Jones, L.; Candy, B.; Davis, S.; Elliott, M.; Gola, A.; Harrington, J.; Kupeli, N.; Lord, Kathryn; Moore, K.; Scott, S.; et al. (2016)
      Background: The prevalence of dementia is rising worldwide and many people will die with the disease. Symptoms towards the end of life may be inadequately managed and informal and professional carers poorly supported. There are few evidence-based interventions to improve end-of-life care in advanced dementia. Aim: To develop an integrated, whole systems, evidence-based intervention that is pragmatic and feasible to improve end-of-life care for people with advanced dementia and support those close to them. Design: A realist-based approach in which qualitative and quantitative data assisted the development of statements. These were incorporated into the RAND/UCLA appropriateness method to achieve consensus on intervention components. Components were mapped to underlying theory of whole systems change and the intervention described in a detailed manual. Setting/participants: Data were collected from people with dementia, carers and health and social care professionals in England, from expert opinion and existing literature. Professional stakeholders in all four countries of the United Kingdom contributed to the RAND/UCLA appropriateness method process. Results: A total of 29 statements were agreed and mapped to individual, group, organisational and economic/political levels of healthcare systems. The resulting main intervention components are as follows: (1) influencing local service organisation through facilitation of integrated multi-disciplinary care, (2) providing training and support for formal and informal carers and (3) influencing local healthcare commissioning and priorities of service providers. Conclusion: Use of in-depth data, consensus methods and theoretical understanding of the intervention components produced an evidence-based intervention for further testing in end-of-life care in advanced dementia.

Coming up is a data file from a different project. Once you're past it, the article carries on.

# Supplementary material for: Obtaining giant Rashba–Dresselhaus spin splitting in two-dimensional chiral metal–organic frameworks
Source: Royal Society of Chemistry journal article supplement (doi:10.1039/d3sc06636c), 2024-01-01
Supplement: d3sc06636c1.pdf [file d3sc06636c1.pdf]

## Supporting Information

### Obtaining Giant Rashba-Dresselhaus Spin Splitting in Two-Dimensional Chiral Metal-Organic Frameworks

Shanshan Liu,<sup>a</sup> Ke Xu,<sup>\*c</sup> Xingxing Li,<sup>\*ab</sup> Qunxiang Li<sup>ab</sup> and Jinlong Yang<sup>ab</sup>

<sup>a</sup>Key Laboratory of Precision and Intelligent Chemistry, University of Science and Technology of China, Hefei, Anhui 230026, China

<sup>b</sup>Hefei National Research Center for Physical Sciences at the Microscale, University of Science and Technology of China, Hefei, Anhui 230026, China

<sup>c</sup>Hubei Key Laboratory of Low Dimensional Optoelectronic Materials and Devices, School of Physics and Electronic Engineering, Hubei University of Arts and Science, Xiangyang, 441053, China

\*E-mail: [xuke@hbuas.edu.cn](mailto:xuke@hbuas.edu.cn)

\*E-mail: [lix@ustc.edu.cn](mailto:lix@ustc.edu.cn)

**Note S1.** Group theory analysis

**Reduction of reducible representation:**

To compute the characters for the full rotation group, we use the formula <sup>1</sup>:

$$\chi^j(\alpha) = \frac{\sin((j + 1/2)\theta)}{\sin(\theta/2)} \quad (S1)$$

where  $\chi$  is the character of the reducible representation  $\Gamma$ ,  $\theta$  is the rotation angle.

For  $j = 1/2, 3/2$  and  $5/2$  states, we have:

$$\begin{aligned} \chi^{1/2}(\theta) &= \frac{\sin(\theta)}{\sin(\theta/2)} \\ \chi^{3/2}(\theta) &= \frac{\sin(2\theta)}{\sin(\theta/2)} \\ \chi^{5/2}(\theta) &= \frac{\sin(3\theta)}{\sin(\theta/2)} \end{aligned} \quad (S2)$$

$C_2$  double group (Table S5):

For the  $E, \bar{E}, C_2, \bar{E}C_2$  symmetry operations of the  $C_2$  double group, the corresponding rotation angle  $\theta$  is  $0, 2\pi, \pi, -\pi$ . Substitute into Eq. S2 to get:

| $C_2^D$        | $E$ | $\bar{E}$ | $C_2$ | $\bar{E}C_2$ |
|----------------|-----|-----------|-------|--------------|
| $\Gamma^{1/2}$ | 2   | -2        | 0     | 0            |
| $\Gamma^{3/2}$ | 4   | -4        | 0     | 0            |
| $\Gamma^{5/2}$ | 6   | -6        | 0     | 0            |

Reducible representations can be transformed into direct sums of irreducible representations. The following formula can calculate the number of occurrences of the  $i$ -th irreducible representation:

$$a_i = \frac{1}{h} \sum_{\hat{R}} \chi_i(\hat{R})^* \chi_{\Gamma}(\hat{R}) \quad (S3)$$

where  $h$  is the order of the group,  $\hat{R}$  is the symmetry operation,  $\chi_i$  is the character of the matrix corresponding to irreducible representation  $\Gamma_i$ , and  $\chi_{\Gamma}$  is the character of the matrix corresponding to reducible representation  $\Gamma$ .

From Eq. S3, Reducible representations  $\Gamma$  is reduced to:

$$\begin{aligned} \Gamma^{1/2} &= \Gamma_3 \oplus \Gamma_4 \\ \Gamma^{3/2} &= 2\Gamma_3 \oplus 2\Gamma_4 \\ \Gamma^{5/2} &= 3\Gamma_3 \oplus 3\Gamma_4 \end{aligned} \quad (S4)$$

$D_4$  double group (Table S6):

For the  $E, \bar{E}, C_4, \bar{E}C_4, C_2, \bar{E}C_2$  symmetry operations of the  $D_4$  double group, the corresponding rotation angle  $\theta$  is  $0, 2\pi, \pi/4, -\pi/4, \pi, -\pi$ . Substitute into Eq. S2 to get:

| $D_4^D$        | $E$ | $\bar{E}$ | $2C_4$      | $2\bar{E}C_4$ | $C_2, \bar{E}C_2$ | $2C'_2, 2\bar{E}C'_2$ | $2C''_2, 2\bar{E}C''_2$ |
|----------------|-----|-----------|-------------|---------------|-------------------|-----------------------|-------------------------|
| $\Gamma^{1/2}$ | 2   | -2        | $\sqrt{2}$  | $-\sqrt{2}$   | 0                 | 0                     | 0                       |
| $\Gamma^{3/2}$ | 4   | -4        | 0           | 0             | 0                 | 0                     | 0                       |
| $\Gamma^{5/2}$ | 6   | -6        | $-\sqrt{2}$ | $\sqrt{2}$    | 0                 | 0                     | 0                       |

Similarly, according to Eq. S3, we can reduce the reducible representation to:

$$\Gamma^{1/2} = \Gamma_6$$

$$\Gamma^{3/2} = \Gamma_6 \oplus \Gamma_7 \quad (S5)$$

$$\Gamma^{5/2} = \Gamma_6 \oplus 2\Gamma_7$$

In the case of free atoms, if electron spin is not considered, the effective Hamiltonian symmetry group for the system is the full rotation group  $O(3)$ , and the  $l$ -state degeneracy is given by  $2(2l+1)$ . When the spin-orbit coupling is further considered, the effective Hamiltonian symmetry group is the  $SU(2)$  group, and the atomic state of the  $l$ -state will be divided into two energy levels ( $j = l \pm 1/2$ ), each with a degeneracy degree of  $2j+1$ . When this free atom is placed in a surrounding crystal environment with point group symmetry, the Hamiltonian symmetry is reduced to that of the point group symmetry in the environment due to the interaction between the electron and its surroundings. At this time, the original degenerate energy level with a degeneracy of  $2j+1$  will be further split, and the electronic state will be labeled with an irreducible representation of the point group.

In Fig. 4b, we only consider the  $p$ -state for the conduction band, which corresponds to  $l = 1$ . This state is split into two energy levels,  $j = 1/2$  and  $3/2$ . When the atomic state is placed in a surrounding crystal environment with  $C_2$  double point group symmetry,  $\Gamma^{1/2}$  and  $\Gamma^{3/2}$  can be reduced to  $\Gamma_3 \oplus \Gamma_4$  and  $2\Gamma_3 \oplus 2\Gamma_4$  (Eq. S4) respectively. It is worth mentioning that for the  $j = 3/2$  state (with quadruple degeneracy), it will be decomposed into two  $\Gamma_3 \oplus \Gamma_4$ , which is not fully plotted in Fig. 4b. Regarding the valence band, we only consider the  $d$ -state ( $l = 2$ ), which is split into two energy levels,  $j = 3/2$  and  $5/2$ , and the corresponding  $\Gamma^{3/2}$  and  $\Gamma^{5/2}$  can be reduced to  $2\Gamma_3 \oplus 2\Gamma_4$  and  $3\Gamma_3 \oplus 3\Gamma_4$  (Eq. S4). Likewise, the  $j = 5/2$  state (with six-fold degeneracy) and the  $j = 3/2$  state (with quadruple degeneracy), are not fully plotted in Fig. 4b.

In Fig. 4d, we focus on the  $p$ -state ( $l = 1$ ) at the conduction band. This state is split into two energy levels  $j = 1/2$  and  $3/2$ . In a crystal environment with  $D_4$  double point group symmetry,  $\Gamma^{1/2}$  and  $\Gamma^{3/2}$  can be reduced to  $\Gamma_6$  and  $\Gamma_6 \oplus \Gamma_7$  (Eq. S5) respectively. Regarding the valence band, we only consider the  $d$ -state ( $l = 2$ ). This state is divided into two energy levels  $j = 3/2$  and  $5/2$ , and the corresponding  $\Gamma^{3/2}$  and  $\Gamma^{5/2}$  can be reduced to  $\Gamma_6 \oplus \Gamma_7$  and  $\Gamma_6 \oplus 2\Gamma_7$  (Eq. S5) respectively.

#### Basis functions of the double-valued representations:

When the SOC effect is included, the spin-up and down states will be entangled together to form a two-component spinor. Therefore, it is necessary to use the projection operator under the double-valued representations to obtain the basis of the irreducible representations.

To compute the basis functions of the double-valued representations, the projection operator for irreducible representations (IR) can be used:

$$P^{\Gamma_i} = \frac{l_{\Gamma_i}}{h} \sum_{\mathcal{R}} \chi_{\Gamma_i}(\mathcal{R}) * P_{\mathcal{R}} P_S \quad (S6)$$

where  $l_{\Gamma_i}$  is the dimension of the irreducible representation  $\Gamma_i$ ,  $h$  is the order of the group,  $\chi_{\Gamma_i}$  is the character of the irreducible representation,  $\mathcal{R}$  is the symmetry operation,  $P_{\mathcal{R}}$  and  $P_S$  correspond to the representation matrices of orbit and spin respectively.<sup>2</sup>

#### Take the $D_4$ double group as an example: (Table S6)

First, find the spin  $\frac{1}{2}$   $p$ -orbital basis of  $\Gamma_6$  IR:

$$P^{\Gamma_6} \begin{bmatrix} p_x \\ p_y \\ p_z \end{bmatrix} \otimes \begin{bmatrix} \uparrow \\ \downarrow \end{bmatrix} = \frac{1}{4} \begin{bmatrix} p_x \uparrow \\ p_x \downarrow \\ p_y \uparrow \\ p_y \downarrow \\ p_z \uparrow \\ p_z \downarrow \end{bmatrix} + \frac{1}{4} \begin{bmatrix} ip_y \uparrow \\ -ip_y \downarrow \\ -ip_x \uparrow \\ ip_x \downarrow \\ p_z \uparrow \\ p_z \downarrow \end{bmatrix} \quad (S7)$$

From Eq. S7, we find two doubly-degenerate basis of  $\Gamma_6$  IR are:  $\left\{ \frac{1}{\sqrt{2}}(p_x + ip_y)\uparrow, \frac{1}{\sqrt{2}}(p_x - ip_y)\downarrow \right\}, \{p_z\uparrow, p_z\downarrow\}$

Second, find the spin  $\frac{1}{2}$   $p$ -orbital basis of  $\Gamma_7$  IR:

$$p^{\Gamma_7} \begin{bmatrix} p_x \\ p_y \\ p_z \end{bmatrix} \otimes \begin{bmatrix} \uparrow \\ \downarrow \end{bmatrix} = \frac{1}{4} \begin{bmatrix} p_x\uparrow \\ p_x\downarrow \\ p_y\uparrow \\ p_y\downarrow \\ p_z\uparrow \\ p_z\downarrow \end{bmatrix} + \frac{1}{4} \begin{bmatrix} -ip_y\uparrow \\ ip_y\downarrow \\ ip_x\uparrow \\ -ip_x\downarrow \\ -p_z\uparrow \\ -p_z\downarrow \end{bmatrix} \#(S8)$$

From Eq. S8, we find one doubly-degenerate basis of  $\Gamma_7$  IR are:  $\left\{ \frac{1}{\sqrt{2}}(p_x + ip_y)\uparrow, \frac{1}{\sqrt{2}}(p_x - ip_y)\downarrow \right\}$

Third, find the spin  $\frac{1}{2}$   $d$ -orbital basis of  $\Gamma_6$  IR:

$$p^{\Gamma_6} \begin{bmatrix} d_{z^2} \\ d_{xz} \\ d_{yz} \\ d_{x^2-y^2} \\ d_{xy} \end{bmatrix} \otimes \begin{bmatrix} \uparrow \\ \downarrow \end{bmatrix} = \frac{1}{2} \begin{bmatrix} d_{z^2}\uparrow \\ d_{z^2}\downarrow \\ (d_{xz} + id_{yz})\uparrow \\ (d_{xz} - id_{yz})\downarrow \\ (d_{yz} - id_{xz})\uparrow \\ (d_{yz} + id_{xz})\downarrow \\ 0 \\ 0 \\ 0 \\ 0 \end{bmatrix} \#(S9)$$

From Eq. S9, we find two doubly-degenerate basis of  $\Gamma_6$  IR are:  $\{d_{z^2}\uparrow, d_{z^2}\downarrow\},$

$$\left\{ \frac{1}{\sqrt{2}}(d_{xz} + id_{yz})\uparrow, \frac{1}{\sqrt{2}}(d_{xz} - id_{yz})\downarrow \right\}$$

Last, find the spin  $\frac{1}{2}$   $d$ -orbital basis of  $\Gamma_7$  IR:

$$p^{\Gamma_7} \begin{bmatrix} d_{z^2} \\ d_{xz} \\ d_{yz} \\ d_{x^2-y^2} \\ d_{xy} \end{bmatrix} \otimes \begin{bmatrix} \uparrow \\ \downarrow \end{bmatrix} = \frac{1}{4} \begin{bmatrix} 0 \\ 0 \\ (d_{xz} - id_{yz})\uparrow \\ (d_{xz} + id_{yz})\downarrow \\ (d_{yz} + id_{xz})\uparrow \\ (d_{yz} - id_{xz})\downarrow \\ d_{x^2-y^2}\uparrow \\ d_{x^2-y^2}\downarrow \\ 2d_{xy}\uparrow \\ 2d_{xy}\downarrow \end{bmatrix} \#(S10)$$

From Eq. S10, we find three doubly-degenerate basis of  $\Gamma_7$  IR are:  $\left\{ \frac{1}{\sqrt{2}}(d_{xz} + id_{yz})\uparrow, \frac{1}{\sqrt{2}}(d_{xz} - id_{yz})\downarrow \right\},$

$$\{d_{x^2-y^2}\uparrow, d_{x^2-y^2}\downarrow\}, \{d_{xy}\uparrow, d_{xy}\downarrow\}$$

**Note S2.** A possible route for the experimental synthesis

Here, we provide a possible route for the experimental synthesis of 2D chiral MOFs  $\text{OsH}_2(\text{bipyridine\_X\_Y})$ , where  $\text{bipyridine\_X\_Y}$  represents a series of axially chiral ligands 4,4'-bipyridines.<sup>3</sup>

• Evidence-based intervention to reduce avoidable hospital admissions in care home residents (the Better Health in Residents in Care Homes (BHiRCH) study): Protocol for a pilot cluster randomised trial

      Sampson, E.L.; Feast, A.; Blighe, Alan J.; Froggatt, K.; Hunter, R.; Marston, L.; McCormack, B.; Nurock, S.; Panca, M.; Powell, Catherine; et al. (2019-05)